• Since at least 1990, there has been in the UK a pattern of continuing decline in employment for skilled andsemi-skilled manual roles, including skilled trade occupations and process, plant and machinery operatives, whilethere has been growth in higher skilled professional occupations. These trends are projected to continue to atleast 2020151. According to an EU-wide public opinion survey on citizenship and belonging, work was rated asone of the three most important elements of 39% of EU citizens’ lives152. As a large part of people’s lives arespent working, careers affect both the ability of people to make choices and their self-esteem. The modernimportance of work and career can explain much of human need for recognition, and can become a crucialpart of an individual’s identity153. While the majority of people who kept their jobs in the recent recession maybenefit as the economic recovery gets underway in the next few years, there is a real risk that people wholost their jobs may experience long-term effects, with important implications for their identities and sense ofsocial inclusion11. They may suffer career, health, and psychological consequences which make them feel morealienated, disadvantaged, or disengaged. People can feel included or excluded from groups according to theirstatus and their economic place in society, through employment, access to networks, and opportunities. In thescenarios developed for this Report, Esther’s experiences reflect these anxieties (see Box 3.7: Esther 2019). Box 3.7: Esther 2019 These scenarios illustrate how drivers of change may affect individuals in different contexts By 2019, the economy is growing again and there are more jobs around. However, despite the economic turnaround, Esther, having completed her postgraduate qualification, remains burdened with debt. Although she had part-funded her study through poorly paid temporary jobs when she first moved to Glasgow, she still has university debts and dreams of saving for a deposit to buy a flat seem a long way off. Now aged 30, and living with a partner, Esther dreams of a comfortable life, one where they don’t have to watch every penny. She might have thought about having children but can’t see how they can afford to. She worries about her parents getting older and she finds it a challenge to keep in regular contact with them. Her own life is busy with work, friends and her partner, and when her parents send her text messages, she means to reply but often forgets.The unequal impact of the recession (and unequal recovery from the recession) may have implications forconstitutional preferences in Wales and Scotland. The perception that England has suffered less from therecession than other nations may increase the likelihood of demands for greater independence. The majorchallenge will be to ensure that the austerity measures are not perceived to affect some areas more deeplythan others. One risk is that perceptions may depend on what is seen to be occurring in London, the seatof government, rather than in the UK as a whole8. It will continue to be important for the economic benefitsof recovery to be spread fairly around the UK, and across generations.36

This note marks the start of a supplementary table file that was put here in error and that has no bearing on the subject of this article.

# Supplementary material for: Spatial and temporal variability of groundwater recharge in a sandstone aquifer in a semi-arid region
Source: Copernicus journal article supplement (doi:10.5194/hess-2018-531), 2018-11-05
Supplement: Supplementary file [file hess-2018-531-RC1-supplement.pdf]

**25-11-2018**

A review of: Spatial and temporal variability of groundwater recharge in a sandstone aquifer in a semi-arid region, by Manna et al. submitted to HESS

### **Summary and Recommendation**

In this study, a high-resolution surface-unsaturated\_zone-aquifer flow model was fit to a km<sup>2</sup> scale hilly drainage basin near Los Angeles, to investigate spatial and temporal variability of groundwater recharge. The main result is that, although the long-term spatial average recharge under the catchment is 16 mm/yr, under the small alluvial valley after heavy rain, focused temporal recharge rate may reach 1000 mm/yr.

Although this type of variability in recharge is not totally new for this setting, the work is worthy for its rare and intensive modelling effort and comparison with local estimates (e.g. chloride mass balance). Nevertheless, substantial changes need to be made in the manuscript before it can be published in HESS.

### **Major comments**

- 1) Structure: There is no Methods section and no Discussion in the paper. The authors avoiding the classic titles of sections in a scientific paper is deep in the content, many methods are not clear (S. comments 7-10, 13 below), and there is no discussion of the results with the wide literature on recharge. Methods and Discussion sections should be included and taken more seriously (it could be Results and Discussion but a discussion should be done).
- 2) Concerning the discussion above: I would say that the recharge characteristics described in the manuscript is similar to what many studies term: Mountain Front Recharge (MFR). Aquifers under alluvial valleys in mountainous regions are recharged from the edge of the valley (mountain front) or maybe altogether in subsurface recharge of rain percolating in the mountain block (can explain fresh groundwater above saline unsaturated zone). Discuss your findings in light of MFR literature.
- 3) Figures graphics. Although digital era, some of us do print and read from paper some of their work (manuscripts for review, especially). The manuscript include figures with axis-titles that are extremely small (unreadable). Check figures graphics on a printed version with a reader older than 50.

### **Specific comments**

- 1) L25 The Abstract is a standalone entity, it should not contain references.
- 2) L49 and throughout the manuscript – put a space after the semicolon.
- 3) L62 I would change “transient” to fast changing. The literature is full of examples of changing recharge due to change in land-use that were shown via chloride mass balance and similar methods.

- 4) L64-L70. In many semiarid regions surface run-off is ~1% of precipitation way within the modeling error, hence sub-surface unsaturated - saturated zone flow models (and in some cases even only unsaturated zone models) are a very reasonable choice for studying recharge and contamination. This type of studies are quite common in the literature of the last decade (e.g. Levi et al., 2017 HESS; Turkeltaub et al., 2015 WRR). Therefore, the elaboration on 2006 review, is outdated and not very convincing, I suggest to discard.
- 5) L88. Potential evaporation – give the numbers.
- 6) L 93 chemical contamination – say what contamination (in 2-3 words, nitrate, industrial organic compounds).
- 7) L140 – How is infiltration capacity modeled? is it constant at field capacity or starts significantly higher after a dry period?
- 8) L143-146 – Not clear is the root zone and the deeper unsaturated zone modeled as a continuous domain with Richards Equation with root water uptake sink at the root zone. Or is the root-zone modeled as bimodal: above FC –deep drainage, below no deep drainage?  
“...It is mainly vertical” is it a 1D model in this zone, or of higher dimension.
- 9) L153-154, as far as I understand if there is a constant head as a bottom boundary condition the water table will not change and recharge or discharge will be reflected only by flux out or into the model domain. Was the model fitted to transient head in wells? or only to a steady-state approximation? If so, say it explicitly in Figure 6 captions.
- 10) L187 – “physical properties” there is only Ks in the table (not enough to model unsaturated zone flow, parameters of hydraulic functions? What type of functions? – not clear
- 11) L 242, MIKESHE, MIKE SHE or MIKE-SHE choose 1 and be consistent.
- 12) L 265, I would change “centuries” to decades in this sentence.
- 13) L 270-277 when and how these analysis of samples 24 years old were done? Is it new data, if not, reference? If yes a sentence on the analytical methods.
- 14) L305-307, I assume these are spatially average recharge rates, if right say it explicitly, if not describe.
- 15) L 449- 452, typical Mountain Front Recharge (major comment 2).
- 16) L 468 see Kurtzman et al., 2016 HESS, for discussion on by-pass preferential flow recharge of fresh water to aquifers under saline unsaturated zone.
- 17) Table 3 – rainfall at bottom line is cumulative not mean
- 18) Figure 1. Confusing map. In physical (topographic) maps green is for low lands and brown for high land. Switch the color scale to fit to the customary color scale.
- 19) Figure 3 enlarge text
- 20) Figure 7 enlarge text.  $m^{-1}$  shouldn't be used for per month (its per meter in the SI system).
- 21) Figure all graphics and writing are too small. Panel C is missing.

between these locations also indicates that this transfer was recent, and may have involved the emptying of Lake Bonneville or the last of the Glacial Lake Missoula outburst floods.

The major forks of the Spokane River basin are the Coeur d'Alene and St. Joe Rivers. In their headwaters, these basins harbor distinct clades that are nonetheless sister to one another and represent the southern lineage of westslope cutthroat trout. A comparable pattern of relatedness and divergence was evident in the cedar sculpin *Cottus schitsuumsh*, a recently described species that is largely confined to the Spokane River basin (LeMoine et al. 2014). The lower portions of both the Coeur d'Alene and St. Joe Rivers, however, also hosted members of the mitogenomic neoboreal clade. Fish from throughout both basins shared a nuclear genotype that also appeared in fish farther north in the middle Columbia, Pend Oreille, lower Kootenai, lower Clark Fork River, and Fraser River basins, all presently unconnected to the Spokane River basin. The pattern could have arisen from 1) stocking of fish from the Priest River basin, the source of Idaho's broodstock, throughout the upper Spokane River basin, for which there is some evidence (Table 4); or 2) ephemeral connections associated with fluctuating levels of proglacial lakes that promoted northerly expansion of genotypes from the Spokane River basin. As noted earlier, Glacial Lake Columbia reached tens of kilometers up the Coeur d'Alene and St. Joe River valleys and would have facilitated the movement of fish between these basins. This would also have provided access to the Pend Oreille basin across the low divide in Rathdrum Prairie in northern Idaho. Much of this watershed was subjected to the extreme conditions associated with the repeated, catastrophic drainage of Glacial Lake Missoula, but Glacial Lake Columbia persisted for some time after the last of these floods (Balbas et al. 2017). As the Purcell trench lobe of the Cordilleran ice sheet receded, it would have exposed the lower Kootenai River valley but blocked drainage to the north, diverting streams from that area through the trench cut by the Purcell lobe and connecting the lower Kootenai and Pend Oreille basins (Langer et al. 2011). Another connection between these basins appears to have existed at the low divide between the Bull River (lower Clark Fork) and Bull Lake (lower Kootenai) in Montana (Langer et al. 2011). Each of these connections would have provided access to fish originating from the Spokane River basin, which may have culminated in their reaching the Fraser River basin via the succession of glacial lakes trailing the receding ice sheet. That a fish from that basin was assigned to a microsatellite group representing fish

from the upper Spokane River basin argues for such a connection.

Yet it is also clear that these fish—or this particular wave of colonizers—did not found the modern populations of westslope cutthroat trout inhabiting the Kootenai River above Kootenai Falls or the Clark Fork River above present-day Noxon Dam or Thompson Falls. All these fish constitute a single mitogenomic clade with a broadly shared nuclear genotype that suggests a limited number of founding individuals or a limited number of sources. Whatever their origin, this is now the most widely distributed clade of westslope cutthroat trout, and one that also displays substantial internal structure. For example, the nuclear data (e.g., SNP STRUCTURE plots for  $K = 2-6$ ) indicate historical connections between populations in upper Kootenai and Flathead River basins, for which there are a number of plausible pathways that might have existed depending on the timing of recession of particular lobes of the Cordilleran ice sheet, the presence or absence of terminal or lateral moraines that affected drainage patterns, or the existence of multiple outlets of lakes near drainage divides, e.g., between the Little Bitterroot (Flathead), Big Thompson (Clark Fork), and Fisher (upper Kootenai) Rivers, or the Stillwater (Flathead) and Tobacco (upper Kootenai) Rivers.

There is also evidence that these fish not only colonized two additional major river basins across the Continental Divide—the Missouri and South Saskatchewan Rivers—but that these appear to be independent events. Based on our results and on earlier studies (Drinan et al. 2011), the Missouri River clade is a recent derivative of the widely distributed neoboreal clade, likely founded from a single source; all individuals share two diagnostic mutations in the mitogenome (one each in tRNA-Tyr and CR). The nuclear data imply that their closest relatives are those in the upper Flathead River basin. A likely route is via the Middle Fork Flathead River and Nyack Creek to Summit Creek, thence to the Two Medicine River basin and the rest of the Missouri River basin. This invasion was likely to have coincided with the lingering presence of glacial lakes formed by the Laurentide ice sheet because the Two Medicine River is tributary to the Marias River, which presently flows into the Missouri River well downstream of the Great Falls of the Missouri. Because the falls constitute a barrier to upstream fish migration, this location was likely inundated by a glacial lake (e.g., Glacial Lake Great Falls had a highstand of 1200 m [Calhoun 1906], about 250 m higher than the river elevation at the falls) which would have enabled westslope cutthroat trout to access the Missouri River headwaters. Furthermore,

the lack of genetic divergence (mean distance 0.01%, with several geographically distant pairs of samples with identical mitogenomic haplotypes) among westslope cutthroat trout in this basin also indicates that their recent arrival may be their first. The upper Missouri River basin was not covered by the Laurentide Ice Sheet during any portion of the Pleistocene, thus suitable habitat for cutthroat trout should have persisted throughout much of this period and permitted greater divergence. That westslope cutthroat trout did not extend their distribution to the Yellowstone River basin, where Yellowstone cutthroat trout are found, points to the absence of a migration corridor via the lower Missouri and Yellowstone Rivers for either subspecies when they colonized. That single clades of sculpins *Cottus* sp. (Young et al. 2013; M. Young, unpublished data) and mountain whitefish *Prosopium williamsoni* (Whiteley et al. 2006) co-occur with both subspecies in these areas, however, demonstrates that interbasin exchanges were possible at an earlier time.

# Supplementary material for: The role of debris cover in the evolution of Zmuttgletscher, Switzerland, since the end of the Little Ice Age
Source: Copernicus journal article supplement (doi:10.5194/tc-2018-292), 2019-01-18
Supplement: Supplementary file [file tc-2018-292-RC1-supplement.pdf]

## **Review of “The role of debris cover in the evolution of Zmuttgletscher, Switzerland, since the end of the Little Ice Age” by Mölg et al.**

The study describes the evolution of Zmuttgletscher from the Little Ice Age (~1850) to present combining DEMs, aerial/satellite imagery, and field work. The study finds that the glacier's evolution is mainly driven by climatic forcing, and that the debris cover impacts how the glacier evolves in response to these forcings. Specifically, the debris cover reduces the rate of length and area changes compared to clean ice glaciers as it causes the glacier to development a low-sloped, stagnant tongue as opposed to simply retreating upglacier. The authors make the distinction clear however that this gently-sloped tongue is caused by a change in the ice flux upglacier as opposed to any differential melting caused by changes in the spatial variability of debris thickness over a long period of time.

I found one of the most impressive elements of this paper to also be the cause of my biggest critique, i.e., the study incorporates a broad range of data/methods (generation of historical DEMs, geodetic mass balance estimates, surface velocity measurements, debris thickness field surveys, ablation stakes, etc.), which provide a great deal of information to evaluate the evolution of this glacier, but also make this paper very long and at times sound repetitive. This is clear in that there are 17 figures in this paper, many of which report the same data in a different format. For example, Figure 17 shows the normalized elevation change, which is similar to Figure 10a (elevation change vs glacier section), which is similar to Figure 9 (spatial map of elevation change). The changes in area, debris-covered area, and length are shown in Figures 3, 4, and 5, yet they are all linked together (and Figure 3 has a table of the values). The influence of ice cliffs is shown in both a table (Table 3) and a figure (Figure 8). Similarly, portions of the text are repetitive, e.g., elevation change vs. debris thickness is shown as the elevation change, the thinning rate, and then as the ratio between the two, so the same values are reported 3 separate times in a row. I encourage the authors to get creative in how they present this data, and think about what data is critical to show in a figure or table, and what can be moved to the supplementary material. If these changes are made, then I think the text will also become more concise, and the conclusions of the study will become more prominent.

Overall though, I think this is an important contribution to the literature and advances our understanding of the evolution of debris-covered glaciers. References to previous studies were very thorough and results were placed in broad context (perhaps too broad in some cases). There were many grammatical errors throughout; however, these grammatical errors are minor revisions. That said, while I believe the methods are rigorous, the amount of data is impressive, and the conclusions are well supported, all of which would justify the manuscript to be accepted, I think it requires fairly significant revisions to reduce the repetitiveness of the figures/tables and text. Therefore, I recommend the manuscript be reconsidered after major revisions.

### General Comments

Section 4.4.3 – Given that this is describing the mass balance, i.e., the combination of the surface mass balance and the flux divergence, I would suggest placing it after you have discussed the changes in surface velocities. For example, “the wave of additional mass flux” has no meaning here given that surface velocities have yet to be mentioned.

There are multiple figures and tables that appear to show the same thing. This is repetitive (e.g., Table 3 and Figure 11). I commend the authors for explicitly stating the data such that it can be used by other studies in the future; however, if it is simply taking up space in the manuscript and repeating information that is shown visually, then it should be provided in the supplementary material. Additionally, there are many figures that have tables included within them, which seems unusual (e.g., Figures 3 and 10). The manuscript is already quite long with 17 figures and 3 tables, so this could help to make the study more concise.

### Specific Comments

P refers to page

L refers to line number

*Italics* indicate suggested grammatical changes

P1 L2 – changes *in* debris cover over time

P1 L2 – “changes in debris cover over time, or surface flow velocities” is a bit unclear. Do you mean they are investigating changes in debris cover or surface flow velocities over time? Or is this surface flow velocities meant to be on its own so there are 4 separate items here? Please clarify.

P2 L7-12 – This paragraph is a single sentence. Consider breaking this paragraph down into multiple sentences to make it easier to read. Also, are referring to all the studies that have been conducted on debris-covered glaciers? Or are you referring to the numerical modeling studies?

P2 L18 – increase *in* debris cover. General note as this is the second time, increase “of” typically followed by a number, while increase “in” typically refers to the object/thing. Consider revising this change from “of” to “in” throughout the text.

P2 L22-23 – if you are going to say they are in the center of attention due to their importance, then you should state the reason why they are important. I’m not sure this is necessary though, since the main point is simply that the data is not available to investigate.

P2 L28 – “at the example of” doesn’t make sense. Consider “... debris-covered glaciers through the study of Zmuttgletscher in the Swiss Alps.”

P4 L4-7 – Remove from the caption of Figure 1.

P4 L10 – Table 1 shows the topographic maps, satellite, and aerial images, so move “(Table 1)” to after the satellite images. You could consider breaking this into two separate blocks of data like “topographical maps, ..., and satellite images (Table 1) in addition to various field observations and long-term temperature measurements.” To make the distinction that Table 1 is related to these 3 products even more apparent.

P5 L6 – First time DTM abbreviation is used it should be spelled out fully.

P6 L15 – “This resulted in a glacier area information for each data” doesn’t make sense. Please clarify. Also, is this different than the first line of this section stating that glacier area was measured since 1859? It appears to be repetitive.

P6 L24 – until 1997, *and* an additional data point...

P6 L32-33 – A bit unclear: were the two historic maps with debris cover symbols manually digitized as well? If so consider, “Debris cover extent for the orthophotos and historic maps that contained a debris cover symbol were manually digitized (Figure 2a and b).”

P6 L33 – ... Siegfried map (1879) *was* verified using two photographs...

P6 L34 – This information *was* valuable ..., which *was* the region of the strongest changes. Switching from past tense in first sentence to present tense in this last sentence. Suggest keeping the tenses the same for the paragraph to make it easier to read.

• SummaryOver the next decade economic trends will have a considerable impact on people’s identities,while the broader effects may also have indirect impacts. Consumerism is an important wayin which people currently express their identity. If current trends continue, the effects ofthe economic downturn in the UK may increase pressures on many people, threateningaspects of their identities relating to, for example, their financial and employment status.Income inequality in the UK increased during the 1980s, and in the future economic growthwill occur more quickly for some than for others; this has the potential to create the conditionsfor further instances of social unrest. The recession may have long-term effects for thosewho lost their jobs or were unable to find work, in both their careers and their health.3.4 Environmental drivers3.4.1 Place attachmentPeople have strong attachments to places (local, regional and national) which become part of who they are, andwhere they feel comfortable and relaxed, and able to be themselves. For example, an individual may describethemselves as ‘a local person’. This can be said to be ‘place attachment’. Evidence suggests that people with strongattachment to place express higher life satisfaction than those with weak place attachment. People’s attachmentsto particular places are rooted in a sense of security and belonging154. Even in a globalised, modern, urbanisedsociety, this sense of attachment is no less important155 156. People can have many attachments to different places157.The Report noted earlier how the distinction between online and offline identities is receding. This meansthat some people also become part of ‘virtual’ communities158, or communities of interest, rather than theirneighbourhoods159, and so feel less attachment to their physical locality160. However, the physical environmentremains important to many people and groups, and this is unlikely to change substantially in the next 10 years.New opportunities will emerge from the ‘intelligent’ or smart environment (a place that has been enrichedwith technologies such as sensors and other networked devices to enhance the services that it can provide tohumans161), which may lead to even closer identity relationships with place3.A significant driver of change for place identities is likely to be the various energy transitions needed to moveUK society towards a low-carbon economy while also maintaining energy security162. This will continue to poseconsiderable challenges including those of changing consumer behaviour to reduce energy consumption, andbuilding new infrastructure, which could affect people’s attachment to place. The Government’s RenewableEnergy Directive sets a target for the UK to achieve 15% of its energy consumption from renewable sources by2020, compared with 3% in 2009163. New and upgraded infrastructure will be needed to move the UK towardsa low-carbon economy, which could pose a threat to valued local places, communities and landscapes164. In thecontext of large infrastructure developments, some environmentally related identities may be strengthened bythe presence or prospect of new energy facilities, while others will be severely undermined17. People are willingto protect places that form part of their identities165, so changes to valued places, such as natural landscapes, canlead to local communities mobilising themselves in opposition, and even to broader social protest.3.4.2 The built environmentEnvironmental and place-based changes in the UK over the next 10 years may have a considerable impact onnotions of identity. Some environments, especially green spaces, have been found to be ‘restorative’, providingan increased sense of wellbeing166 . It is estimated that each year well over half the UK population, 33 millionpeople, make more than 2.5 billion visits to urban green spaces alone167. However access to green spaces,especially in urban environments, can be limited for some groups of people. Areas where 40% of the populationare from Black and minority ethnic groups, compared to areas where just 2% are from such groups168. Changesin these environments can be expected to have negative impacts on place identities and wellbeing6 .3. Drivers of change 37